- While this hasn't happened to the protagonists of One Piece (at least thus far), it did to the Pirate King Gold Roger's crew, on his orders. After Roger was diagnosed with an incurable illness, they made one final voyage to the end of the Grand Line. After that, the dying Roger disbanded his crew and eventually turned himself in to be executed, triggering a new pirate age. Rayleigh mentioned that he hasn't seen most of his old crewmates in years and has no idea what they're up to, though he apparently did run into Shanks not long after he met Luffy.
- Subverted in X-Statix; in the second-to-last issue, the team finally reassembles Doop and its members decide to go their separate ways. However, Guy convinces them to come together for one last job. The job goes south very quickly, resulting in the entire team dying.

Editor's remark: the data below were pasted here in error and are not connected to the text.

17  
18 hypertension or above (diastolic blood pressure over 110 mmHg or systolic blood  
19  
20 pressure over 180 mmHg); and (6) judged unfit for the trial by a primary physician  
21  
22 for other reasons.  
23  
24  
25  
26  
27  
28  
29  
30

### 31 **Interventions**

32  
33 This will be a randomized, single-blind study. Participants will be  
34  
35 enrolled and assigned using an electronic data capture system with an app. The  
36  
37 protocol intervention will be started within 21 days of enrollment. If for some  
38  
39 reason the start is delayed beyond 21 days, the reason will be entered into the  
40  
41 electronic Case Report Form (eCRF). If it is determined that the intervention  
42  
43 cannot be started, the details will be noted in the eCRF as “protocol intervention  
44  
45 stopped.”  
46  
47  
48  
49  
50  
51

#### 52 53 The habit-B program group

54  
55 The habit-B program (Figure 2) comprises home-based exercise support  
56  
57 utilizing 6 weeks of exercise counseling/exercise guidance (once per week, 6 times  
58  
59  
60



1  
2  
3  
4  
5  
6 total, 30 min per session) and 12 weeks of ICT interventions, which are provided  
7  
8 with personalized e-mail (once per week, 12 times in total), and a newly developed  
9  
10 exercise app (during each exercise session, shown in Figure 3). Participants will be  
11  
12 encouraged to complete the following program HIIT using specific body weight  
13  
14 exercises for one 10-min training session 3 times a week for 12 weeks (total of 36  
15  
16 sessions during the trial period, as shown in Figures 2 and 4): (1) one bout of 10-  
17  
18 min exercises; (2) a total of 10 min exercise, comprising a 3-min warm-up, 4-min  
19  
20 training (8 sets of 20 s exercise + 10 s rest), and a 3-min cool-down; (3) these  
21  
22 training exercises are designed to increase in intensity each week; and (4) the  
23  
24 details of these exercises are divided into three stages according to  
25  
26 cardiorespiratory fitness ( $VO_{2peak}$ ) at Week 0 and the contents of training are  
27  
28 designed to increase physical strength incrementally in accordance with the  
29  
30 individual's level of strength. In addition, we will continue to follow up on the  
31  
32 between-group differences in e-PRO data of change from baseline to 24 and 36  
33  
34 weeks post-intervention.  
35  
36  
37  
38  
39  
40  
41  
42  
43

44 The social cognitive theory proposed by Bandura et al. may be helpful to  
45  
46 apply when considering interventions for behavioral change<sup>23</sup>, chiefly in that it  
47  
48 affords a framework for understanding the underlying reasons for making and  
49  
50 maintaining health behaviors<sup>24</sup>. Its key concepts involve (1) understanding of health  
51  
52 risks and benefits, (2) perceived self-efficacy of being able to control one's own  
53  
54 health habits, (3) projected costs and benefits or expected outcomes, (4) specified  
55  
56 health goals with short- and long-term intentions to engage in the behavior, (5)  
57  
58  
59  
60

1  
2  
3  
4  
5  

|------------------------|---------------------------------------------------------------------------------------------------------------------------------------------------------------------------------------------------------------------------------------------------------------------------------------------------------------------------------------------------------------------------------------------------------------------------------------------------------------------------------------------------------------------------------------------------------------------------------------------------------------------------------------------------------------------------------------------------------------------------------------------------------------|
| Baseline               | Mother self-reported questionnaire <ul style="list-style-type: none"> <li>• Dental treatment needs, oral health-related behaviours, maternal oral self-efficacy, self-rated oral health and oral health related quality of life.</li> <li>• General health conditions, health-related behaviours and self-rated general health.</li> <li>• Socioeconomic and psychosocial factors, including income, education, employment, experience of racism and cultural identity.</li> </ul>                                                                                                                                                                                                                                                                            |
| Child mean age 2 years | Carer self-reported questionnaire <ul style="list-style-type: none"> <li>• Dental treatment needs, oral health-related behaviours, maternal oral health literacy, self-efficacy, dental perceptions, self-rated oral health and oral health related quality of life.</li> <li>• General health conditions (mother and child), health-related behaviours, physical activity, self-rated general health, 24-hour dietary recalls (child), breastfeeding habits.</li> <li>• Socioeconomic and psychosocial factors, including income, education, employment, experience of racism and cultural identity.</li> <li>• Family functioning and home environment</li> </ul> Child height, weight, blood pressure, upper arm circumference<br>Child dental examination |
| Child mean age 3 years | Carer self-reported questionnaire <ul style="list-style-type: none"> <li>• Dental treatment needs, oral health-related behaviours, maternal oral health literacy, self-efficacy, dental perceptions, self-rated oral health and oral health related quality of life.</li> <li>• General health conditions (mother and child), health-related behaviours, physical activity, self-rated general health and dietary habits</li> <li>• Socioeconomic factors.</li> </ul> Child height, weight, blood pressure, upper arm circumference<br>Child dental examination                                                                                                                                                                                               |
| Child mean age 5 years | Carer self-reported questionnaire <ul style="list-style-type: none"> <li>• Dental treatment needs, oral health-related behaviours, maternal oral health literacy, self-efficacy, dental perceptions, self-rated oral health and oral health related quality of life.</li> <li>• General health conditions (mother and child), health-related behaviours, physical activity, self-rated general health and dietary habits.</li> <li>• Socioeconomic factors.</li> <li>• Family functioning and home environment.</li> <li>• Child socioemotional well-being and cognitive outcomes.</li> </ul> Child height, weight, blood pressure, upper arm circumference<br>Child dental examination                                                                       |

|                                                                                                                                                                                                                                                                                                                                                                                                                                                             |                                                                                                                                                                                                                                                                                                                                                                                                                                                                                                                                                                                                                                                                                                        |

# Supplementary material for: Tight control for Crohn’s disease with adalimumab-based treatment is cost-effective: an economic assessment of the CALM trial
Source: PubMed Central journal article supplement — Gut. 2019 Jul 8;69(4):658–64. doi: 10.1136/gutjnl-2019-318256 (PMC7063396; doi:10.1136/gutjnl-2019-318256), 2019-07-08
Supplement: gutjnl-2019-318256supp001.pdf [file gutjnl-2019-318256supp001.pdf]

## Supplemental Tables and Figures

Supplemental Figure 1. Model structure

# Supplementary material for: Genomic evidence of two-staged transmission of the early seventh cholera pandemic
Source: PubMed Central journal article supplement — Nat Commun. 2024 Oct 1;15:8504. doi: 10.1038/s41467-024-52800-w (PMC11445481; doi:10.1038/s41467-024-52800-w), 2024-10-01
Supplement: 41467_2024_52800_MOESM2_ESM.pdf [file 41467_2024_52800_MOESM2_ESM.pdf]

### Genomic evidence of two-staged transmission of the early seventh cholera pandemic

- At the end of Demon Knights #12, the team is tapped to become the first incarnation of Stormwatch, but for various reasons, the various members decide that they'd rather go off and do their own thing for a while.
- The Avengers are supposed to have disbanded after the events of Avengers Disassembled, only for a new group (admittedly with a few returning members) to take up the name a couple months later.
- The Superior Foes of Spider-Man ends with all of the Sinister Six except Overdrive and Beetle going their separate ways, as there's nothing holding them together anymore and most of the group hate each other now.
- In Fallen King, at the end of the story, Joey decides that he, Tristan, and Tea can't be friends and must stay away from each other to save the world.